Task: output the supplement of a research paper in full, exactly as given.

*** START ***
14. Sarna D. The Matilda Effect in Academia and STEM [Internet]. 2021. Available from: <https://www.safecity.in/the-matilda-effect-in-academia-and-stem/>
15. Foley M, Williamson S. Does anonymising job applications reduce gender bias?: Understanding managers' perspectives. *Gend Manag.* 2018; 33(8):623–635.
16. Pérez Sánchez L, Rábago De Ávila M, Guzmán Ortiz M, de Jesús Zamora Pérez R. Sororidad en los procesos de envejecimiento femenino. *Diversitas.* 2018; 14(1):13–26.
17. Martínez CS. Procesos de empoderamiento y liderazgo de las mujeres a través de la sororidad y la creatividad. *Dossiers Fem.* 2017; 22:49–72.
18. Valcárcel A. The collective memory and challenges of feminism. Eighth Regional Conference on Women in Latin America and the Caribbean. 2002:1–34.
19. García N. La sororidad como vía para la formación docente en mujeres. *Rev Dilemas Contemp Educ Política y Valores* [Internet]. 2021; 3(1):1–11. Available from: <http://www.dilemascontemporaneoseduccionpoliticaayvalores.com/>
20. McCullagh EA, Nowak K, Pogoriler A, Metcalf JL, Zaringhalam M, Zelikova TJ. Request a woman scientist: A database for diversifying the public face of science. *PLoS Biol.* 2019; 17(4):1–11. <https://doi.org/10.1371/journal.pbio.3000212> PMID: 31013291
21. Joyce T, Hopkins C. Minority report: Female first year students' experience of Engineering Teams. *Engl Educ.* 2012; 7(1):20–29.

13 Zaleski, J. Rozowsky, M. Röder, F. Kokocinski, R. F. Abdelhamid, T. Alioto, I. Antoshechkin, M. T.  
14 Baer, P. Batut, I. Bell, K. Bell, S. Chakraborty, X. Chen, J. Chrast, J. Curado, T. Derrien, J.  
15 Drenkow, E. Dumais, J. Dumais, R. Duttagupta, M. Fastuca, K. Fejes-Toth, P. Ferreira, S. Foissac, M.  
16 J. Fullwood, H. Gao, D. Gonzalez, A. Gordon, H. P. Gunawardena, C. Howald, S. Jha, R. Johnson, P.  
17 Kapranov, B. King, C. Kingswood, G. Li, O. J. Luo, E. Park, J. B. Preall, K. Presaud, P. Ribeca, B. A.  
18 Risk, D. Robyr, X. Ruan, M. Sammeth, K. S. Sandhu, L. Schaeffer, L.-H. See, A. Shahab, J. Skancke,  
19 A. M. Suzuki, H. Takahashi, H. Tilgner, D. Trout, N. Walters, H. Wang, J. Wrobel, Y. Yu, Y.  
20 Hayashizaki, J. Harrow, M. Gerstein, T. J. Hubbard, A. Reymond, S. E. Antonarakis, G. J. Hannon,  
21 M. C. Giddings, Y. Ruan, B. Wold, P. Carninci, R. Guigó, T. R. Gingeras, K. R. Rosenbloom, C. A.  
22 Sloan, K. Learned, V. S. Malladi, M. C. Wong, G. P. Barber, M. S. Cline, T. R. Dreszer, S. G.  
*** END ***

14. Sarna D. The Matilda Effect in Academia and STEM [Internet]. 2021. Available from: <https://www.safecity.in/the-matilda-effect-in-academia-and-stem/>
15. Foley M, Williamson S. Does anonymising job applications reduce gender bias?: Understanding managers' perspectives. *Gend Manag.* 2018; 33(8):623–635.
16. Pérez Sánchez L, Rábago De Ávila M, Guzmán Ortiz M, de Jesús Zamora Pérez R. Sororidad en los procesos de envejecimiento femenino. *Diversitas.* 2018; 14(1):13–26.
17. Martínez CS. Procesos de empoderamiento y liderazgo de las mujeres a través de la sororidad y la creatividad. *Dossiers Fem.* 2017; 22:49–72.
18. Valcárcel A. The collective memory and challenges of feminism. Eighth Regional Conference on Women in Latin America and the Caribbean. 2002:1–34.
19. García N. La sororidad como vía para la formación docente en mujeres. *Rev Dilemas Contemp Educ Política y Valores* [Internet]. 2021; 3(1):1–11. Available from: <http://www.dilemascontemporaneoseduccionpoliticaayvalores.com/>
20. McCullagh EA, Nowak K, Pogoriler A, Metcalf JL, Zaringhalam M, Zelikova TJ. Request a woman scientist: A database for diversifying the public face of science. *PLoS Biol.* 2019; 17(4):1–11. <https://doi.org/10.1371/journal.pbio.3000212> PMID: 31013291
21. Joyce T, Hopkins C. Minority report: Female first year students' experience of Engineering Teams. *Engl Educ.* 2012; 7(1):20–29.

13 Zaleski, J. Rozowsky, M. Röder, F. Kokocinski, R. F. Abdelhamid, T. Alioto, I. Antoshechkin, M. T.  
14 Baer, P. Batut, I. Bell, K. Bell, S. Chakraborty, X. Chen, J. Chrast, J. Curado, T. Derrien, J.  
15 Drenkow, E. Dumais, J. Dumais, R. Duttagupta, M. Fastuca, K. Fejes-Toth, P. Ferreira, S. Foissac, M.  
16 J. Fullwood, H. Gao, D. Gonzalez, A. Gordon, H. P. Gunawardena, C. Howald, S. Jha, R. Johnson, P.  
17 Kapranov, B. King, C. Kingswood, G. Li, O. J. Luo, E. Park, J. B. Preall, K. Presaud, P. Ribeca, B. A.  
18 Risk, D. Robyr, X. Ruan, M. Sammeth, K. S. Sandhu, L. Schaeffer, L.-H. See, A. Shahab, J. Skancke,  
19 A. M. Suzuki, H. Takahashi, H. Tilgner, D. Trout, N. Walters, H. Wang, J. Wrobel, Y. Yu, Y.  
20 Hayashizaki, J. Harrow, M. Gerstein, T. J. Hubbard, A. Reymond, S. E. Antonarakis, G. J. Hannon,  
21 M. C. Giddings, Y. Ruan, B. Wold, P. Carninci, R. Guigó, T. R. Gingeras, K. R. Rosenbloom, C. A.  
22 Sloan, K. Learned, V. S. Malladi, M. C. Wong, G. P. Barber, M. S. Cline, T. R. Dreszer, S. G.  